Losing my mind. And finding my focus.

Baixinha was a remarkable woman. A spiritual leader to many hundreds if not thousands, she deeply touched the lives of countless people.

She was known for sacrificing her time and money to mother more than ten children who were not her own. As a young woman she worked three regular jobs just so she could support these orphans.

People say she was clairvoyant by the age of eight. As she entered adulthood, her reputation for great spiritual work grew: first around the state of Rio de Janeiro, then around Brazil, and eventually as as far as Europe and the USA. She was known for her practicing of the Afro-Brazilian traditions of Candomble and Ubanda, where spirits are harnessed and channelled, providing healing to believers. In later years, she worked closely with the Santo Daime church.

Her following was so great that a local Santo Daime church close to TerraMaya was established around her work. Santo Daime is a young religion – formed in the 1930’s – that fuses traditional Indian beliefs with those of the Catholic church. An important part of the work held in the church is the Daime itself – better known as the ancient shamanic brew ayahuasca. The Daime is drank throughout the services in an effort to get closer to the pure energy of the universe – pure Being, or God, as many would call it.

A quick ethnobotany lesson: ayahuasca has been drunk for centuries, if not more, by Amazonian tribes. It has recently seen a huge surge of interest in the West, with many celebrities advocating the physical, emotional and spiritual benefits it offers. It is made from two Amazonian plants boiled together for many hours – the Banisteriopsis caapi, or ayahuasca, vine and the leaves of the chacruna plant, which contains large amounts of the compound DMT. DMT is a fascinating chemical, thought to be produced by the pineal gland in the human brain. It is a powerful psychedelic, and is perhaps responsible for dreams, out of body experiences and for the visions seen in near death experiences.

Back to the story. I was fortunate enough to be invited to a church ceremony held in the local Santo Daime church on the year anniversary of Baixinha’s passing. It sounded daunting: 12 straight hours of dancing in formal rows, singing vigorously to the 200 or so songs in the service’s ‘hinário’, or songbook.

But it was surely an opportunity I couldn’t miss. To be part of an all night traditional Brazilian church service, with song, dance, togetherness and this magical drink known as Daime, I couldn’t refuse!

We arrived at 7pm. Around two hundred others were already in the church – a circular structure with open windows around the walls and benches at the sides. Green and white paper bunting was hung across every inch of ceiling, starting at the walls and meeting at the centre point.

The men, dressed in white suits and black tie, were on the right of the door, women, wearing white dresses with white crowns placed on their heads, were on the left. Shortest people were at the front, leading up to the tallest at the back. This fulfils two purposes: it allows everybody to see the musicians in the centre and also best allows the energy to flow around the room.

Talking about energy may sound a little esoteric. But energy channelling and flow is a major part of the Santo Daime work.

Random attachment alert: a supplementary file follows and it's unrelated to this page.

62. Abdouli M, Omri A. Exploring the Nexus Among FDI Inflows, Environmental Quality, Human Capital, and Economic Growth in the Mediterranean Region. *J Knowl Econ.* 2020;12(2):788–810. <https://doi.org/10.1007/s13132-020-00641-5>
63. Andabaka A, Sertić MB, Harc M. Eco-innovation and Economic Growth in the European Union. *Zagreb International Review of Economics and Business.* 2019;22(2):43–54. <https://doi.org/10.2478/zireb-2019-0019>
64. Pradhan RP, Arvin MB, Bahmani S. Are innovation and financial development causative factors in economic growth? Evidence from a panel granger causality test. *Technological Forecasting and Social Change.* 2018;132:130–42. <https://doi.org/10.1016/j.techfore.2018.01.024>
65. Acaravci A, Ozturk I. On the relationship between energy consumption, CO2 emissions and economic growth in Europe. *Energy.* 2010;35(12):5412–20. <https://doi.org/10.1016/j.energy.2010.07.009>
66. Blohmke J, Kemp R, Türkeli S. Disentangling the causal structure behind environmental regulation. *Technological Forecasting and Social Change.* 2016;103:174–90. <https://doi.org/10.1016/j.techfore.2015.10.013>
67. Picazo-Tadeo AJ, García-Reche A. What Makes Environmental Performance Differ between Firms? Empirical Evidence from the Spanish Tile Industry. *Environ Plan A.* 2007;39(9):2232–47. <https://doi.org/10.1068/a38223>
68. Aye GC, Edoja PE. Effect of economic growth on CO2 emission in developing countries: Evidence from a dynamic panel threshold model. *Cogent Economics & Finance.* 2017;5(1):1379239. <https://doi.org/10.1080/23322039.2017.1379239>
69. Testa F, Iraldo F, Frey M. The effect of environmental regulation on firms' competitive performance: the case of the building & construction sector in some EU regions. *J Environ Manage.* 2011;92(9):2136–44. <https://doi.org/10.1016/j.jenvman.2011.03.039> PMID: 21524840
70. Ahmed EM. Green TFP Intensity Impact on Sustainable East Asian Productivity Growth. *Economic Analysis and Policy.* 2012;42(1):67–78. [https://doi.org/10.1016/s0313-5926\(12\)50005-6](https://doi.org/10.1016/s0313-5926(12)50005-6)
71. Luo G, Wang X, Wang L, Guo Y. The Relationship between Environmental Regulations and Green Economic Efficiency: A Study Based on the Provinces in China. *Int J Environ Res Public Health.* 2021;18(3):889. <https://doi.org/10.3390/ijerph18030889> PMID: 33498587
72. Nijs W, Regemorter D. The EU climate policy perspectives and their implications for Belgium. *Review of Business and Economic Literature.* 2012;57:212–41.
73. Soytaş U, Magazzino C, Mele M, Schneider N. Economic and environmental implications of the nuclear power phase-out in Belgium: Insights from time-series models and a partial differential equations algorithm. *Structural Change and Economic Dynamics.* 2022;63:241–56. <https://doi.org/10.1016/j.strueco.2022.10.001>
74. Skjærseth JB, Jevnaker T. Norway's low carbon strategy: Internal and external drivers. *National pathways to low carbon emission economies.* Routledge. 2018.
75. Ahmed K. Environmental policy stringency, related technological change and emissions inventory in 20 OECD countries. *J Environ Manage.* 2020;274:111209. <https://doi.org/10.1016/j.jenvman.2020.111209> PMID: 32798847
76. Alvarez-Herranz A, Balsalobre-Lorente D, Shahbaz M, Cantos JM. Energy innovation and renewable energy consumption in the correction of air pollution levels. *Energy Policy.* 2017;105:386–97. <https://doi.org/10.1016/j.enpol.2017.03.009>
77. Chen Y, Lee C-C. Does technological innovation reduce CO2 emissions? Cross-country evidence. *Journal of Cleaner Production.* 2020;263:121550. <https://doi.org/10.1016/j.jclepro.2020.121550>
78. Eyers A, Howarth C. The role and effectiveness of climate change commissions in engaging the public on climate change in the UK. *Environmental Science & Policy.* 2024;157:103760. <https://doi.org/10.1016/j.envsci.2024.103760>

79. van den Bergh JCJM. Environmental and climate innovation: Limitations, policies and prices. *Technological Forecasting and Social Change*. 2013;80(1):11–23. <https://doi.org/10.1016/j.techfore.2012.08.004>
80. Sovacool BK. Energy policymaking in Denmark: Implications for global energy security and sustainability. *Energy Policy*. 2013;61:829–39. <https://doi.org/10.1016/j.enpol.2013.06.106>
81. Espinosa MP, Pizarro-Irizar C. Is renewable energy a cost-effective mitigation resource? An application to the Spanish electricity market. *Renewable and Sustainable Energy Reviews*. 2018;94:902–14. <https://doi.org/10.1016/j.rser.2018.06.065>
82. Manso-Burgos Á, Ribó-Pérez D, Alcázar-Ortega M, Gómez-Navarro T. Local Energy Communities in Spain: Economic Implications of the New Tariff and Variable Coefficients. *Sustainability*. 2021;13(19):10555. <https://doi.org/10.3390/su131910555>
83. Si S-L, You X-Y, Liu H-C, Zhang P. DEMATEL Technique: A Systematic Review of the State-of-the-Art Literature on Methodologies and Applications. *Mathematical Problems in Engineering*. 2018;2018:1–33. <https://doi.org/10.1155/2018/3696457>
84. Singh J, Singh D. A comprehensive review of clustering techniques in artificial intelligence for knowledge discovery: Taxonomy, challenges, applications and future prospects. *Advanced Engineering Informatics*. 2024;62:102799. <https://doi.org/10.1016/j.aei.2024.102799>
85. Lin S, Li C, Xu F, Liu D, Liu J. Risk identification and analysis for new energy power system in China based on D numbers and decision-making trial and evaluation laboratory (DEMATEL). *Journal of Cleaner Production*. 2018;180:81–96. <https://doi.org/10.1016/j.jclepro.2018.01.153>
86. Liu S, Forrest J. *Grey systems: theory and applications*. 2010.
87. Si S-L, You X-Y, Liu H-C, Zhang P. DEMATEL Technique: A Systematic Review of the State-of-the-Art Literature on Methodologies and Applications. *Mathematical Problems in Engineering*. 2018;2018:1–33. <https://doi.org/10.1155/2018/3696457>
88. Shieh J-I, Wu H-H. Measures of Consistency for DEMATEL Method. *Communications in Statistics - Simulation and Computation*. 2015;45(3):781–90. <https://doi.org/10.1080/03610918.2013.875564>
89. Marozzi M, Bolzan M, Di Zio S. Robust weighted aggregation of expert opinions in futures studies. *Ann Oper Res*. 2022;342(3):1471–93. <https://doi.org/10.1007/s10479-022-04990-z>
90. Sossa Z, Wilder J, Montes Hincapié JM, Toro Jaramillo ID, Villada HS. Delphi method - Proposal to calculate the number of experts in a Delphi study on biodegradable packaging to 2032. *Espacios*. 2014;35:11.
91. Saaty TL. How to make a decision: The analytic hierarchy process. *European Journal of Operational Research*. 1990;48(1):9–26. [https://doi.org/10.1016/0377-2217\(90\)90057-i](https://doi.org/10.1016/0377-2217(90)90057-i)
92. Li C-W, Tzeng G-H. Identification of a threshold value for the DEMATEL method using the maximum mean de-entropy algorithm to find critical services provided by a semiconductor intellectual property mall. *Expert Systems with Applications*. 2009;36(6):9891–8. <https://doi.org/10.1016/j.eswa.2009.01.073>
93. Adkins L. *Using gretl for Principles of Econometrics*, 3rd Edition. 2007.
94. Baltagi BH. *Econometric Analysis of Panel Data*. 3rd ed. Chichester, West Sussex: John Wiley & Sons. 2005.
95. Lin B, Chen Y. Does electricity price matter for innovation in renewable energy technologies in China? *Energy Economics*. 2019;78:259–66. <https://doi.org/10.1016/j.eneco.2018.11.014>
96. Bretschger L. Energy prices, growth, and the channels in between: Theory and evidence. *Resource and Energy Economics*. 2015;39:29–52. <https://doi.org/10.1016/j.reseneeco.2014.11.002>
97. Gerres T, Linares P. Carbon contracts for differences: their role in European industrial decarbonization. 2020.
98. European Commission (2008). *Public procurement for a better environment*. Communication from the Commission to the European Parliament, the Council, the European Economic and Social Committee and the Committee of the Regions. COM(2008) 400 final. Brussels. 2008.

We start dancing, three steps to the left, three to the right, and singing in unison. I did my best to keep up with the Portuguese words. The constant guitars, flute and percussive rhythmic shakers were insistent. And the energy was beginning to feel tangible.

And we go for the first serving of the Daime.

And more singing, more relentless movement. And the second serving of the Daime. And strange thoughts are beginning to creep into my mind.

And yet more song, more movement, three steps to the left, three to the right. Singing loudly, dancing proudly. And yet another serving of the Daime.

And soon the room is spinning, circling like a great spaceship, faster and faster. Lights seem deeper, perspective takes on new dimensions. And we’re in unison: everybody is as one, together in step, in voice, one entity. We’re one being, marching the long way home across the challenging terrain of our inner worlds. I’m faced with my insecurities, the fears I’ve harboured, the relationships I’ve wasted, the mistakes I’ve made. My friends and relatives are so near, tangible. I can see the sum of how things became to be. Words fail. I feel myself transform into a giant serpent, a terrible reptile full of venom. I focus on the steps, the singing, and manage to push the sensation away. And still we sing, still we dance, still we stay together in a communal focus.

A friend had told me that the Latin root for the word ‘focus’ meant ‘the fire in the centre’. I focus on this fire in the centre of my soul. With the focus on my steps, the focus on my singing, the focus on my fire within, I overcome the crippling thoughts in my head.

And the focus keeps me going. 12 straight hours. Focus on the steps, focus on the singing. Focus.

courtesy of Jeso Carneiro

The Daime

I left the church a broken man at 8am the next morning. My back was agony, my legs were dead weight. But I’d made it. Home through the torment, with the congregation unified. We were together. And I knew, through the focus and the Daime, that I’d had a fresh perspective on myself and my life.

That evening I felt incredibly energised. Invigorated and clean, in complete balance. It was as though I really knew myself, and that everything was right.

I think I’m starting to understand why people go to these services. And why Baixinha was so greatly loved.

I’ll sign off with the traditional words used to open and close ceremonies in Baixinha’s church:

Vida! Saúde! Felicidade!

Life! Health! Happiness!

Mike

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